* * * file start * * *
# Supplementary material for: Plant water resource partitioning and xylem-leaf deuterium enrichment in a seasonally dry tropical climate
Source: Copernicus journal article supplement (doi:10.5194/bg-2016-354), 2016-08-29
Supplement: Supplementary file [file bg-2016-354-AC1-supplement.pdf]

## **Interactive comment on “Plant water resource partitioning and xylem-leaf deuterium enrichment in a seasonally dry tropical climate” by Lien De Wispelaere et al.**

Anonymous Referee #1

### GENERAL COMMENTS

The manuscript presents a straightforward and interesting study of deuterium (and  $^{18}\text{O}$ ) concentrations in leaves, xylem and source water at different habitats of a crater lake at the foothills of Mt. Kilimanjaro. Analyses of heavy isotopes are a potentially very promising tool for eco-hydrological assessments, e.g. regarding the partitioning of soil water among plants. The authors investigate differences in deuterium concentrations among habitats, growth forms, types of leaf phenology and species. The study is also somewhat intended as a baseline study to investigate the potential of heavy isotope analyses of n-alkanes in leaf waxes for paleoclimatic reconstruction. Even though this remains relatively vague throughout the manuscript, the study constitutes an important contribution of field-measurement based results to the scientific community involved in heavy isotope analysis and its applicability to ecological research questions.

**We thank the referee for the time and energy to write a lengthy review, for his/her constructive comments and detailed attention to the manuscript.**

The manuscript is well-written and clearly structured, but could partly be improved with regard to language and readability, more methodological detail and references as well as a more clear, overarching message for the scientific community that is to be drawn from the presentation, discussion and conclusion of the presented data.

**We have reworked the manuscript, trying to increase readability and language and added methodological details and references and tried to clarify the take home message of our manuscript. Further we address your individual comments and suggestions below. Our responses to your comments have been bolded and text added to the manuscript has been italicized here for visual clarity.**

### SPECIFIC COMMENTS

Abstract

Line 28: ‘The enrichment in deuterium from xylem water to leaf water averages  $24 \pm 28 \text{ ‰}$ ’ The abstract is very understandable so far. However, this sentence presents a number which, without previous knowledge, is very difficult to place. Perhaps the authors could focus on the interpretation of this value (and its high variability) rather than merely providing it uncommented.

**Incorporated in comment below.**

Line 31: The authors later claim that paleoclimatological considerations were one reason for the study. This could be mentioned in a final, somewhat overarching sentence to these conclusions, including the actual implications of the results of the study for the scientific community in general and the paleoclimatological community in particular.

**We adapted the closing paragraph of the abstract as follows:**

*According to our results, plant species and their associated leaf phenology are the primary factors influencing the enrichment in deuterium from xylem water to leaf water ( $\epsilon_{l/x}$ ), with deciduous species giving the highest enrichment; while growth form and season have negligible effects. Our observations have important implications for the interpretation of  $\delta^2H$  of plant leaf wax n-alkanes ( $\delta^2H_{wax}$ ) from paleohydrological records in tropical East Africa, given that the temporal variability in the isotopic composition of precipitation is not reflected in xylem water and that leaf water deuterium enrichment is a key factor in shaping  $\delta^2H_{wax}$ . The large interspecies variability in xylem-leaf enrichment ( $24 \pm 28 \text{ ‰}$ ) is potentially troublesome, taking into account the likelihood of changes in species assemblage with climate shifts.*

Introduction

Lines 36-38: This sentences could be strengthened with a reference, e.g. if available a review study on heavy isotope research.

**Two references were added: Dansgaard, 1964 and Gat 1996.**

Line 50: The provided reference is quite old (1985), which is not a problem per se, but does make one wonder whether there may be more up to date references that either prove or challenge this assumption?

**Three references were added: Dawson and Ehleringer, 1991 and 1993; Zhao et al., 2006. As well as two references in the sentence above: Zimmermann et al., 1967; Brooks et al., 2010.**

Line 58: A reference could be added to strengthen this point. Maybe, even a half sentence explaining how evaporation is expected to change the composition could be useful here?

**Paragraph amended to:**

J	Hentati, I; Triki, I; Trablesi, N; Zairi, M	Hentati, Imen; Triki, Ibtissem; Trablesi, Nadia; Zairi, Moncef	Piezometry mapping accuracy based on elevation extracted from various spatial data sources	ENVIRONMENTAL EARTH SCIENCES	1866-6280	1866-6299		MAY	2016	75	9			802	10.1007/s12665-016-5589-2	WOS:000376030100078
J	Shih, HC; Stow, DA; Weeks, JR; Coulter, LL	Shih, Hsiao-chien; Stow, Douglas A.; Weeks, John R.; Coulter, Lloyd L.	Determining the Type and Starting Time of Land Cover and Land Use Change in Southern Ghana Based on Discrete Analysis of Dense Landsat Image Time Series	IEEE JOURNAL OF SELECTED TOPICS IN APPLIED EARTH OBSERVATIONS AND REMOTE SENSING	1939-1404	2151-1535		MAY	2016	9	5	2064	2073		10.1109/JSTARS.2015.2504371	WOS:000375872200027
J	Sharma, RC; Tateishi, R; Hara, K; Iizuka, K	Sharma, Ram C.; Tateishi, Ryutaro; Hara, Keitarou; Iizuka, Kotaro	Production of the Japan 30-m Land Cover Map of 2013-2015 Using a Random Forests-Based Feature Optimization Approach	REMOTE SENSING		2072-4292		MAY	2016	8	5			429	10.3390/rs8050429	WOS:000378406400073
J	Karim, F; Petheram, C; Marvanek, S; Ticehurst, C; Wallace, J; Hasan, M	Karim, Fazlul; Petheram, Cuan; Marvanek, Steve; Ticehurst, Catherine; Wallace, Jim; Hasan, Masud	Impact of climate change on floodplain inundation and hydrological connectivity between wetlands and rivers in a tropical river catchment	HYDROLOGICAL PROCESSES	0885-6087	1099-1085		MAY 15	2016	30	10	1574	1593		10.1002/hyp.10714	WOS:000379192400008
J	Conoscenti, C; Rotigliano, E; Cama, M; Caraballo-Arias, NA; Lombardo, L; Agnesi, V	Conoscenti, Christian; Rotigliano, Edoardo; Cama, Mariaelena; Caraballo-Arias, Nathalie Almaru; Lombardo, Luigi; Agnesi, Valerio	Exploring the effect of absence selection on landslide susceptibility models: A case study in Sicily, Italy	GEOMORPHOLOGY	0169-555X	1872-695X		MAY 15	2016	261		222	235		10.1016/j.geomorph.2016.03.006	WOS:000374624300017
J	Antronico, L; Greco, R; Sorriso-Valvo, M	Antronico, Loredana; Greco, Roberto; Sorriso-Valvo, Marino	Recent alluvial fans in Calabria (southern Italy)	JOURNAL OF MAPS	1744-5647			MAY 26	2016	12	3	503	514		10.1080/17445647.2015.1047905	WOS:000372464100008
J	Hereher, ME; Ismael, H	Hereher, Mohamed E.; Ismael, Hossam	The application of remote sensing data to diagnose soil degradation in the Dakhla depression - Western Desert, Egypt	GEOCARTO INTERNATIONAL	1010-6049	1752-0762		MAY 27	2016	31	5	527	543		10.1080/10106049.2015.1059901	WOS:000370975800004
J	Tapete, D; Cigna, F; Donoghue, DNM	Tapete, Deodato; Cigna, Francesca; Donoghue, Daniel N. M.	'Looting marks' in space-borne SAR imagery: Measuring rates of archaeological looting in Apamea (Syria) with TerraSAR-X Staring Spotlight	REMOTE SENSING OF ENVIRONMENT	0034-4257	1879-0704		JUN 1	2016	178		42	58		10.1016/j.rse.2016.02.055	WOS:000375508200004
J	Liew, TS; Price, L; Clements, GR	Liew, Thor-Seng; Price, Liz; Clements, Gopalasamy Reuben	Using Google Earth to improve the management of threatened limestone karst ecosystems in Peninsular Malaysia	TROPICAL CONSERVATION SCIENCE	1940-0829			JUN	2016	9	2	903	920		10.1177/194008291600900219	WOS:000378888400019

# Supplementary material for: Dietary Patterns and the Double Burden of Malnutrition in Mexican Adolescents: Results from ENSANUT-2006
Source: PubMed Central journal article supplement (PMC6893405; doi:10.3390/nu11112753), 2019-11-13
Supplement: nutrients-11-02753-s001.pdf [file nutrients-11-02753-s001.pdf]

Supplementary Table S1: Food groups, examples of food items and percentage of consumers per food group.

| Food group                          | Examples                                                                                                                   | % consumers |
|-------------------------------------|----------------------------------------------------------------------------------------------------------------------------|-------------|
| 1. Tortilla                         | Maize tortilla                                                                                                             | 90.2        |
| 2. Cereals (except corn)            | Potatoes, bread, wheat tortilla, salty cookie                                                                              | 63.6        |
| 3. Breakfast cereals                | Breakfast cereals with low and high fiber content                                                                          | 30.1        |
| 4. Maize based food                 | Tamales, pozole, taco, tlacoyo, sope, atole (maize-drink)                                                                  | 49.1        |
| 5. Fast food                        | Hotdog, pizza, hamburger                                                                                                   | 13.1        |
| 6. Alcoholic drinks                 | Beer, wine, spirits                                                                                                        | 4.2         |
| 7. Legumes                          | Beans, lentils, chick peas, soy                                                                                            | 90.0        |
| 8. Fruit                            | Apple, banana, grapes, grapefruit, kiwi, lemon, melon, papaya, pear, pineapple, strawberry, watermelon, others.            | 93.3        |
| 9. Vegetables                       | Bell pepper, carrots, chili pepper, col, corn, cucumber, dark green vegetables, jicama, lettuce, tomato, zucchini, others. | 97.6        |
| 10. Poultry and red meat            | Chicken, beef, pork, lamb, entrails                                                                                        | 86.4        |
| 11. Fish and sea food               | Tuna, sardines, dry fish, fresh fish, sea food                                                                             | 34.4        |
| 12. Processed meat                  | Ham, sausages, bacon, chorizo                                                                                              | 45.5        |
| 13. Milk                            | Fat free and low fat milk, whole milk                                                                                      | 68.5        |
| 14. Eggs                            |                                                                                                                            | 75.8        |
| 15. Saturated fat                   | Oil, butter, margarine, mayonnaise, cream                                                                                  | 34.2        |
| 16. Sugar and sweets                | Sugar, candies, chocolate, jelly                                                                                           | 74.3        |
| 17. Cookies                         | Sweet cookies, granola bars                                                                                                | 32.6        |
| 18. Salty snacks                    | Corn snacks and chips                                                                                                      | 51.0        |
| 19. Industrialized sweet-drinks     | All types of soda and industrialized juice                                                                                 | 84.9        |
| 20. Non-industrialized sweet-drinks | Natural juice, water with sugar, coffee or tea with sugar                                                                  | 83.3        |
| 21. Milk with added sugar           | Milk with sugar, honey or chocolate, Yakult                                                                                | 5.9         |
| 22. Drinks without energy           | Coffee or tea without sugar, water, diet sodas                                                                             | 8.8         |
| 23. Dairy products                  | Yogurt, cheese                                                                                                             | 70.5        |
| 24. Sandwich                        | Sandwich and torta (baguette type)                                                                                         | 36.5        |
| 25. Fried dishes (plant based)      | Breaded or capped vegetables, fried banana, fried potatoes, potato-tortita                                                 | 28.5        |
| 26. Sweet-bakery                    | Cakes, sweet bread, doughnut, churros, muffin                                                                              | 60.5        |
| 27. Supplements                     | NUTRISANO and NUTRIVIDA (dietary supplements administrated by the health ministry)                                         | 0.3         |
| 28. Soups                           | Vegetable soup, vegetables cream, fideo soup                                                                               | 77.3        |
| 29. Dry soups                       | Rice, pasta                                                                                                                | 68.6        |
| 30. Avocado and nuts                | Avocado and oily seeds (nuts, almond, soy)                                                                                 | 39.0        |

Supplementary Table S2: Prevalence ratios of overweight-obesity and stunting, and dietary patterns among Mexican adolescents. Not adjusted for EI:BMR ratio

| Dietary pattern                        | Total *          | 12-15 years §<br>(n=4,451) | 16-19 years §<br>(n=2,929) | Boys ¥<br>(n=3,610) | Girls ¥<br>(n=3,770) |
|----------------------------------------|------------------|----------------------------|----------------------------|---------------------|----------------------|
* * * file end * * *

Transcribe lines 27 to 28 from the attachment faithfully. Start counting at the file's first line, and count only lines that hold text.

J	Sharma, RC; Tateishi, R; Hara, K; Iizuka, K	Sharma, Ram C.; Tateishi, Ryutaro; Hara, Keitarou; Iizuka, Kotaro	Production of the Japan 30-m Land Cover Map of 2013-2015 Using a Random Forests-Based Feature Optimization Approach	REMOTE SENSING		2072-4292		MAY	2016	8	5			429	10.3390/rs8050429	WOS:000378406400073
J	Karim, F; Petheram, C; Marvanek, S; Ticehurst, C; Wallace, J; Hasan, M	Karim, Fazlul; Petheram, Cuan; Marvanek, Steve; Ticehurst, Catherine; Wallace, Jim; Hasan, Masud	Impact of climate change on floodplain inundation and hydrological connectivity between wetlands and rivers in a tropical river catchment	HYDROLOGICAL PROCESSES	0885-6087	1099-1085		MAY 15	2016	30	10	1574	1593		10.1002/hyp.10714	WOS:000379192400008